These women had a vision leading out of the darkness shrouding their world. They were women of action, prepared to defy authority to make their vision a reality bathed in the light of the day. Retelling the heroic stories of Yocheved, Shifra, Puah, Miriam and Batya reminds our daughters that with vision and the courage to act, they can carry forward the tradition those intrepid women launched.

While there is much light in today’s world, there remains in our universe disheartening darkness, inhumanity spawned by ignorance and hate. We see horrific examples in the Middle East, parts of Africa, and Ukraine. The Passover story recalls to all of us—women and men—that with vision and action we can join hands with others of like mind, kindling lights along paths leading out of the terrifying darkness.

1 Genesis 1:2 2 Babylonian Talmud, Megillah 14a 3 Babylonian Talmud, Sotah 12b

My Father's Ritual Danny Siegel

(This essay was first published around 1980 when conversations about mental illness, congenital challenges, and so much more were far less sensitive. Nonetheless, I think the author here suggests a compassionate way to approach the Seder. By the way, the author assumes that readers know his dad was a physician.) Passover in my father’s household has always been a celebration of freedom and equality. Two nights a year twenty to thirty people would sit around our table and join my father in the recitation of the tale of the Jews leaving their bondage in the Land of Egypt.

From the first Seder-nights I can recall, our guests were our closest friends, plus soldiers (there was World War II, and Korea, and they were far away from home), and students at universities in the area who could not afford to go back to Missouri or Illinois or California for the holiday...And a special element, as if Chagall or Dali or Kafka designed the scenery and script: a month before the onset of Passover, my mother would call local institutions where children with various physical or mental challenges often found themselves living. She would ask to come down to acquaint herself with six or seven of the children, to talk with them, to bring them things, and to tell them Passover was coming. And then, the afternoon before the first Seder, my brother and sister and I would set the tables as my parents took both cars to the institutions to being the children back in preparation for the evening in our home. Besides the regular guests, there were always some new faces—a rotation of doctors, a new patient of my father’s who had not seen a Seder in years, perhaps the parents of a child my father had delivered in their home years before. My grandfather was there, of course, and my grandmother, until she died while I was still a teenager, an aunt and some cousins, a friend or two of mine, and the six or seven children.

You will say their noises disturbed the recitations. That is true.

You will say my mother was burdened enough cleaning house and cooking the week through for fifty or sixty people. That is true.

You will say the children needed to be watched every minute: they would spill things, they would throw up, they might start to shout, and that, too, is true.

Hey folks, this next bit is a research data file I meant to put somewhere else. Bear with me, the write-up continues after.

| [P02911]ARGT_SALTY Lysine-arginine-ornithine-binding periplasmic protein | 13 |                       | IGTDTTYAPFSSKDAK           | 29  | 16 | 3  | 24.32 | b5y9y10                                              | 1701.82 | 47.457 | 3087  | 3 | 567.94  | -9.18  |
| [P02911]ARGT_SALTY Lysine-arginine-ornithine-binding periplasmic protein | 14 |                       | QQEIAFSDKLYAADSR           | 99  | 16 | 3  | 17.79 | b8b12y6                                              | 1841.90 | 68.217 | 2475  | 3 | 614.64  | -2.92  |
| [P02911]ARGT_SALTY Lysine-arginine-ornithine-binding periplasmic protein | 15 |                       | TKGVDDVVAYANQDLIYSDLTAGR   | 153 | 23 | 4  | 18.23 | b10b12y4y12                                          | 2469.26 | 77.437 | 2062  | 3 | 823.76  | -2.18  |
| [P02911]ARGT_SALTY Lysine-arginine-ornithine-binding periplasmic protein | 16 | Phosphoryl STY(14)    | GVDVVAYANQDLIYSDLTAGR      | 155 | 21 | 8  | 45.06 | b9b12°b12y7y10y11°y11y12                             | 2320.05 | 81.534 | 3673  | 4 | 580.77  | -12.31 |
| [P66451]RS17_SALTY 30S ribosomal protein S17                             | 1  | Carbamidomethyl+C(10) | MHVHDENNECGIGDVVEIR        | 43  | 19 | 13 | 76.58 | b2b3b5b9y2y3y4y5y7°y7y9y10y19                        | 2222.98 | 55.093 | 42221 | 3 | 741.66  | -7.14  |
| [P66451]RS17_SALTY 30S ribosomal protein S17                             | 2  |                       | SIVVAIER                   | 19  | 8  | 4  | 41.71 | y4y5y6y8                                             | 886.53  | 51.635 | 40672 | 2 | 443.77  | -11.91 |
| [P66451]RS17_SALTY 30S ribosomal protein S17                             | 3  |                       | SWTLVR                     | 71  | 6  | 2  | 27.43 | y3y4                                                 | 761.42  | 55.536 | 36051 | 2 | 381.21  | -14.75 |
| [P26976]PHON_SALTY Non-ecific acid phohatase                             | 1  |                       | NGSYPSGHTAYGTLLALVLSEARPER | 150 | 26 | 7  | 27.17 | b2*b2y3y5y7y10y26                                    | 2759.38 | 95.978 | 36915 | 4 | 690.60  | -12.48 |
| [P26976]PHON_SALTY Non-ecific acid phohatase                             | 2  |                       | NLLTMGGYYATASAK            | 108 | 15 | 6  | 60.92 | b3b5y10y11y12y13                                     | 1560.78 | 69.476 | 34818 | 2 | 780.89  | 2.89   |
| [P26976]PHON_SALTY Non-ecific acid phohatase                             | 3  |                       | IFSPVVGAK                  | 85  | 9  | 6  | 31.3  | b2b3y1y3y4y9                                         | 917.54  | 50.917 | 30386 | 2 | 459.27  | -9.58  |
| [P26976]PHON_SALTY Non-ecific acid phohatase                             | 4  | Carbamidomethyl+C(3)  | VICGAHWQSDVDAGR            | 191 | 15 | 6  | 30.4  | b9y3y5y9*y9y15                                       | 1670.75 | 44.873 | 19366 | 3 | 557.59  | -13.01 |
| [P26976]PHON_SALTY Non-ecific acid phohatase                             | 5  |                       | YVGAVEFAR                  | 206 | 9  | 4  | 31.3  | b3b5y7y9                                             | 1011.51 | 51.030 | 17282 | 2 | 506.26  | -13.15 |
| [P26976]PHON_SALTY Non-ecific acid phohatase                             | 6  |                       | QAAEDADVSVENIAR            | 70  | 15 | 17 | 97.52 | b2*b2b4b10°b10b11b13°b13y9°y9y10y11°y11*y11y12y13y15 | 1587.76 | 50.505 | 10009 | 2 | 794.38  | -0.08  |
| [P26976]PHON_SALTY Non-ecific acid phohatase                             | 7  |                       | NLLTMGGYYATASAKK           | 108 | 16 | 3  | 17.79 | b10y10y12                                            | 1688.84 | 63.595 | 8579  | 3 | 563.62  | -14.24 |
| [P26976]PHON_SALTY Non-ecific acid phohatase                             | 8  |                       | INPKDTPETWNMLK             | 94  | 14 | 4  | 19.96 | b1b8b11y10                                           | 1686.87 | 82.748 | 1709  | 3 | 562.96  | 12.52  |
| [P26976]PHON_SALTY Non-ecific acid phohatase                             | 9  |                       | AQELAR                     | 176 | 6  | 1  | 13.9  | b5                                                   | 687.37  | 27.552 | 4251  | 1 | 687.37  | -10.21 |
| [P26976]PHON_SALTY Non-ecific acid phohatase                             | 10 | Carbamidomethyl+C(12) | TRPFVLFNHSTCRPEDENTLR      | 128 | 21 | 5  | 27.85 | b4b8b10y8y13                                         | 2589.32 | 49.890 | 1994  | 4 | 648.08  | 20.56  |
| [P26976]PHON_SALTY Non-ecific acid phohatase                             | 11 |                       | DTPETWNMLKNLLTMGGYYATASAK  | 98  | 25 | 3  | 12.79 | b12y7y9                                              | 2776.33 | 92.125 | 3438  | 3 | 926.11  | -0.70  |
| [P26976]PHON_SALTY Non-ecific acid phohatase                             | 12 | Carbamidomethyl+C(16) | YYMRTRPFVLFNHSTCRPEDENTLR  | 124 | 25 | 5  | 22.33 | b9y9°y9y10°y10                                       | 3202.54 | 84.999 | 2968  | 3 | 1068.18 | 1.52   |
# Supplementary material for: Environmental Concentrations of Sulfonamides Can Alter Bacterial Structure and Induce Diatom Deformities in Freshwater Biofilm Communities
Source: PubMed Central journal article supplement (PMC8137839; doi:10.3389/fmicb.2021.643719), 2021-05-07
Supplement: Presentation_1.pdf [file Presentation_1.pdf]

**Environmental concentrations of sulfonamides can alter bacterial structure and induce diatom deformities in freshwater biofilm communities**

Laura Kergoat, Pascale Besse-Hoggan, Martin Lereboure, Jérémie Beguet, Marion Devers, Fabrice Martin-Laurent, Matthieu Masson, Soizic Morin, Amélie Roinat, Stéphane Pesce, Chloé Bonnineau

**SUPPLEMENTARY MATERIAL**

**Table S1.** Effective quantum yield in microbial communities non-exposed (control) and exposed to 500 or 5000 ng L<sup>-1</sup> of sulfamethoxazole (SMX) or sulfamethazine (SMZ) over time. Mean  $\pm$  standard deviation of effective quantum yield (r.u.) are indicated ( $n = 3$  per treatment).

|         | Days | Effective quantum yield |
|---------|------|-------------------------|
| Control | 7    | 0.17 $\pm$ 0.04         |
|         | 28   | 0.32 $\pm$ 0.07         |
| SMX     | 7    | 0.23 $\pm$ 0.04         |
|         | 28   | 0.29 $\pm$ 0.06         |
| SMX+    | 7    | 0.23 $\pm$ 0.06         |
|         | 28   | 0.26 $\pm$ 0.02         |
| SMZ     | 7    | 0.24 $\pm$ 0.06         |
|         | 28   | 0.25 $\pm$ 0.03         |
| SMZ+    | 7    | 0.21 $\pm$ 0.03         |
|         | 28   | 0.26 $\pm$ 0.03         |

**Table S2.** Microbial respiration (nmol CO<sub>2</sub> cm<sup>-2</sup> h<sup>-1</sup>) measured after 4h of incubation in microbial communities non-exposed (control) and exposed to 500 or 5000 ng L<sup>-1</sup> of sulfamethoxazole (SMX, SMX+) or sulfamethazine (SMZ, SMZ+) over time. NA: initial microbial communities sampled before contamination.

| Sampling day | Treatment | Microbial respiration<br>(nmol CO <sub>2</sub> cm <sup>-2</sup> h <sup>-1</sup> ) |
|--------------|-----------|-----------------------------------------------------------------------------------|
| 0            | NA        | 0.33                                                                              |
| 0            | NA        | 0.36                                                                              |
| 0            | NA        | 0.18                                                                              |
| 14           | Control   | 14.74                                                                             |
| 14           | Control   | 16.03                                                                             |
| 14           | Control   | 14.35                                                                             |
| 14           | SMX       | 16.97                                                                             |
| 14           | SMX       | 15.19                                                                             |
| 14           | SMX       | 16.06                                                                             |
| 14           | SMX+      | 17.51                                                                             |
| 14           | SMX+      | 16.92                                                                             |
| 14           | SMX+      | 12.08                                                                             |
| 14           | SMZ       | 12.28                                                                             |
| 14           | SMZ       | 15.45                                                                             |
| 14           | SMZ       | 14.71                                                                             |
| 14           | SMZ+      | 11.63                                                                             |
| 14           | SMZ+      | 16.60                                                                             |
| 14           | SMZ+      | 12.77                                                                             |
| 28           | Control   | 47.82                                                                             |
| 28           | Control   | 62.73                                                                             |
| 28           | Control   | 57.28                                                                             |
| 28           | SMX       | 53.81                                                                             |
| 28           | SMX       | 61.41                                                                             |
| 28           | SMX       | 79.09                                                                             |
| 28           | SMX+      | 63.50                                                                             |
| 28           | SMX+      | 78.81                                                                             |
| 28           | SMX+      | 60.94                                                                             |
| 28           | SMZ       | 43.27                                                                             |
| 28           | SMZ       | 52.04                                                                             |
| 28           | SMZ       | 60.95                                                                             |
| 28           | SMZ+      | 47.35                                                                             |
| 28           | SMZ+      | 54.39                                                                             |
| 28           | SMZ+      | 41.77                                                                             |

But next to each member of my family and in between other couples was one of these children, and each of us was charged with caring for the child, watching over all of them and treating them as best as Moses might have treated them among the masses being taken from Pharaoh’s slavery—for we must assume that there were palsied and polioed children three or four thousand years ago, too. Each of us was to bring the message, however dimly perceived, to these children.

And when it came time to eat the meal itself, my father would rise in his white robe, having tasted of the food as prescribed by Jewish law, and would go from seat to seat, cutting the chicken or brisket and spoon-feeding whoever needed to be fed in such fashion, and joking with each.

The meals would last long into the night. The mishaps were many, and the fulfillment of the dictum “He who is hungry shall come in to eat” went slowly, for each had his own needs to be fed with the utmost care.

In our household on Passover nights, everyone felt at home, everyone was comfortable. No one winced, no one sat in silence while my father’s personal ritual was performed, no one ignored or paid extra attention to what was taking place. Our guests-of-many-years knew what was to happen, and the newcomers soon learned, then leaned back against their pillows (as free people must have pillows on Passover night), and partook of the wonders of freedom.

The following afternoon each disease was explained to me. The names were impressive in their Latin and Greek configurations, but the symptoms and the sufferings were hard to accept. Nevertheless, at our table these children were an integral part of our People, of our Greater Family, no more or less normal for the chromosomal defects and their birth- traumas or the disorders of their nervous systems than the rest of around the table.

Those nights, the feeding done, the thanks recited, the singing would begin. It was a dissonant chorus resembling in my early imagination a choir of Heavenly Hosts, but with flesh and blood instead of halos, twisted words and sounds of human beings in place of perfect harmonies of angels who need neither food or drink, nor the affection of my father.

That is why it is better to be a human being than an angel.